It is interesting to observe that over the past 42 years, the US economy has never operated at full capacity. Moreover, it is notable that even during the highly inflationary 1970s and the most recent inflationary boom (2003-2007), the US economy operated well below maximum capacity. In case you are wondering, the same holds true for the global economy. Therefore, the idea that inflation cannot occur in the face of excess capacity is ill-conceived and absurd.

All the popular deflation myths aside, the reality is that inflation is an increase in the supply of money and debt within an economy. Furthermore, the price increases often described as inflation are simply consequences of monetary inflation – a euphemism for the dilution of the money stock.

Look. Whenever any central bank creates new money and whenever any entity (individual, business or government) takes on more debt, the outcome is inflation. As Milton Friedman once said, “Inflation is always and everywhere a monetary phenomenon.”

Today, under our fiat-money system, governments are willing borrowers and central banks are more than eager lenders (money creators). Under these circumstances, a contraction in the supply of money and debt (deflation) is out of the question. Conversely, given the short-sightedness of the politicians and their perpetual urge to “kick the can down the road,” the real risk facing the economy is extreme inflation or even hyperinflation.

Given our grim outlook on inflation, we continue to favor hard assets and the fast-growing developing economies in Asia. If our assessment is correct, our preferred sectors (energy, precious metals and industrials) and our favorite stock markets (China, India and Vietnam) are likely to generate superior long-term returns.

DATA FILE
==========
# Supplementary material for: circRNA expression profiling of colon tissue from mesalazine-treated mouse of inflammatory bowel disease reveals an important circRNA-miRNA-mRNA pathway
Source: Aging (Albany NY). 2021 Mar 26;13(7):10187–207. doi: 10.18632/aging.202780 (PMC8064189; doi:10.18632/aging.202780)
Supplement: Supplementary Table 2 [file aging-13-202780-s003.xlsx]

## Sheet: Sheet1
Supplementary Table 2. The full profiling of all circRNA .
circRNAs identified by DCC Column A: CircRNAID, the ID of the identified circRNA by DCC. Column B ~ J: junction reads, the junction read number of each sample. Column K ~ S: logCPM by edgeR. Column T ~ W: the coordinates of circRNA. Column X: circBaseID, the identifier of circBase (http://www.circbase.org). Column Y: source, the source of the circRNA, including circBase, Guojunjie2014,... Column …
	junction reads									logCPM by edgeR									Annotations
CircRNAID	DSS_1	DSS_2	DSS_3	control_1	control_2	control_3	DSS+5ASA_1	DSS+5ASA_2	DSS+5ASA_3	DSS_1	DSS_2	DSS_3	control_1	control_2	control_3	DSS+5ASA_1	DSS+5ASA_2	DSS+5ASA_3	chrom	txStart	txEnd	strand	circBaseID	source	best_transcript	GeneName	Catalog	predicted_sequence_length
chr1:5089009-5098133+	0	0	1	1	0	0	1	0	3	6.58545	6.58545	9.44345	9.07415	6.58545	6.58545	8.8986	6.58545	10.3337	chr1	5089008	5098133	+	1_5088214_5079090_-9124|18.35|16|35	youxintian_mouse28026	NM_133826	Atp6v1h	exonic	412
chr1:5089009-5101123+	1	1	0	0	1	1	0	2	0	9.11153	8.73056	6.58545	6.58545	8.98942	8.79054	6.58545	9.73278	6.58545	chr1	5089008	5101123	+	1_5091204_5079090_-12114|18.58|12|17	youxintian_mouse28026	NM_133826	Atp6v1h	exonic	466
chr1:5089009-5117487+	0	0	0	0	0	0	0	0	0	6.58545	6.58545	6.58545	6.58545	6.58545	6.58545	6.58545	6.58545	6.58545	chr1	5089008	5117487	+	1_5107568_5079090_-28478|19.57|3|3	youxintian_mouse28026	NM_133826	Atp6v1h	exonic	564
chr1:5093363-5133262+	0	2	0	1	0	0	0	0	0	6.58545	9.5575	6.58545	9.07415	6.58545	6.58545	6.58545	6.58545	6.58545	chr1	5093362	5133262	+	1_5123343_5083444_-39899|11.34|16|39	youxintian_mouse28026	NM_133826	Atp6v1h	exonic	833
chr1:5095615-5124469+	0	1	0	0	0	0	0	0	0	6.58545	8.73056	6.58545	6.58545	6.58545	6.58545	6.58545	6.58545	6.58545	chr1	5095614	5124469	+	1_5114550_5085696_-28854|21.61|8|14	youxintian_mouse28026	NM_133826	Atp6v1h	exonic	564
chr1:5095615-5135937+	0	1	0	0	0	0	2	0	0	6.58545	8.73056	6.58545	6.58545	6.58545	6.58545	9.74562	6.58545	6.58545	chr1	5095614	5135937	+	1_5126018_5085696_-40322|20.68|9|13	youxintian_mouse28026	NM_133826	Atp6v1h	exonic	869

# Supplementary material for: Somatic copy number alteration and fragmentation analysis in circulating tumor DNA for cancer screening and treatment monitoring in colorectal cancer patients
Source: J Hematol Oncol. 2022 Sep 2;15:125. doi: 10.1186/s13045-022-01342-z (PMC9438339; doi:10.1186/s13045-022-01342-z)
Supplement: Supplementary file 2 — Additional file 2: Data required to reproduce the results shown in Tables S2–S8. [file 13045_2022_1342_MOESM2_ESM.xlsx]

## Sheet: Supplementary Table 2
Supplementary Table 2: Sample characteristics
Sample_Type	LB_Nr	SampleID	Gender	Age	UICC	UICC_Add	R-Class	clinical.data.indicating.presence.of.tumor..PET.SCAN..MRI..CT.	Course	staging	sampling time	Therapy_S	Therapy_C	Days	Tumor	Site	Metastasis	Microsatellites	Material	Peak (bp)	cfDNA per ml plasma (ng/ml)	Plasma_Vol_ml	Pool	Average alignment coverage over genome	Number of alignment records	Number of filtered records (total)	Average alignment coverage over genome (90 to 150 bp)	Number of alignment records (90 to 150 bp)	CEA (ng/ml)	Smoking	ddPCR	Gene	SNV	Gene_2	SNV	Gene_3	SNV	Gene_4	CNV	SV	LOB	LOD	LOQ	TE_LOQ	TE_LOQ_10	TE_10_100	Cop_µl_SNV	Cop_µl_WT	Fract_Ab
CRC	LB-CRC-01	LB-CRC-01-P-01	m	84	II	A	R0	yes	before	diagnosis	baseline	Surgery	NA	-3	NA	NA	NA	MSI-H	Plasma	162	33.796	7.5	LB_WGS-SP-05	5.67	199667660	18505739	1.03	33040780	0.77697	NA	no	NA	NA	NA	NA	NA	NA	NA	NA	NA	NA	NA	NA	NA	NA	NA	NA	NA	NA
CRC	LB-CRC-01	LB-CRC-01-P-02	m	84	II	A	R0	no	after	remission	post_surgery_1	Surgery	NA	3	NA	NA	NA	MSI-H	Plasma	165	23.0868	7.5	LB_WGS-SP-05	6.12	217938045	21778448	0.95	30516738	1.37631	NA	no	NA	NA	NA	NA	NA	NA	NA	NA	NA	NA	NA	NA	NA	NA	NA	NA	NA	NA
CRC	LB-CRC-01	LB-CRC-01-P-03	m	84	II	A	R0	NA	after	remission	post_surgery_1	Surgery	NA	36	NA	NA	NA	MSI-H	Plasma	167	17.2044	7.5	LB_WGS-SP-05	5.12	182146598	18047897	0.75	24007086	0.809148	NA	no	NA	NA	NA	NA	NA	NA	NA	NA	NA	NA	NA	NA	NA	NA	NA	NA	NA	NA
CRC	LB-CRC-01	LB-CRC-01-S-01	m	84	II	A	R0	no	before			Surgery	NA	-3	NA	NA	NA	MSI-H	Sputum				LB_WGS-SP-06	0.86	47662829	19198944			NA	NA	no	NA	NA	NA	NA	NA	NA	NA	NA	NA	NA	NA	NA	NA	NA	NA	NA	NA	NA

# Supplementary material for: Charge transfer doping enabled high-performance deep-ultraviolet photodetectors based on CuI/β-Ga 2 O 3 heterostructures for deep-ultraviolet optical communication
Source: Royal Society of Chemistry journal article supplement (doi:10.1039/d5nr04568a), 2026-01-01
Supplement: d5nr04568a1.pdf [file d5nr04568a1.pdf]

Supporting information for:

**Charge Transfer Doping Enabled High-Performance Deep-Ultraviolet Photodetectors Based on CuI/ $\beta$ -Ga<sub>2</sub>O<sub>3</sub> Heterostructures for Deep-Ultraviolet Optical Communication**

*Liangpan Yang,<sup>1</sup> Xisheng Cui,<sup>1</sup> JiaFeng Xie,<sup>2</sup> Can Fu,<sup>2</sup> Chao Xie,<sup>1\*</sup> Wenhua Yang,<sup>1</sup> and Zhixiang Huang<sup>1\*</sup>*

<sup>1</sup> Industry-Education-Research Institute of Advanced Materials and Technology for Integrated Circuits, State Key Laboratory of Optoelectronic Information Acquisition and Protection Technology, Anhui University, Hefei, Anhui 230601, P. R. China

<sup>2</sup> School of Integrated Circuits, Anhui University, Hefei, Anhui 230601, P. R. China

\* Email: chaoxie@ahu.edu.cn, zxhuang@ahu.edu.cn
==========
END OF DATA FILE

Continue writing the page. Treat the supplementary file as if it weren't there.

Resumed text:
Source: Puru Saxena, The Daily Reckoning, August 12, 2010.

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2 comments to Debunking deflation

  • Justin

    If the money being created is actually getting into those economies then yes they would be the place to be invested, but only if some demand for their products are to be had somewhere around the globe. Somehow I think all these talking heads just have to keep coming up with articles to write. Not that there is an overwhelming demand for their products either. But they do have a cheap distribution network called the internet.

  • A good point on capacity utilization but I think we are not seeing broad inflation now because much if not most of the money being created by the Fed is staying in a very tight loop of money center banks to help fill the cracks in their balance sheets. The US government may be creating lots of new debt but I think the market knows that some of it is going to be eaten by the banks (which is deflationary).

    When the money (or credit, same thing in our fiat money system) does finally makes its way into the real economy and picks up some velocity, then I think inflation is a serious risk. No politician (even ones with jobs at the Fed) will “pull away the punch bowl” in time. The idea that the market is only implying 2% inflation on the 30 year US Treasury is outrageous.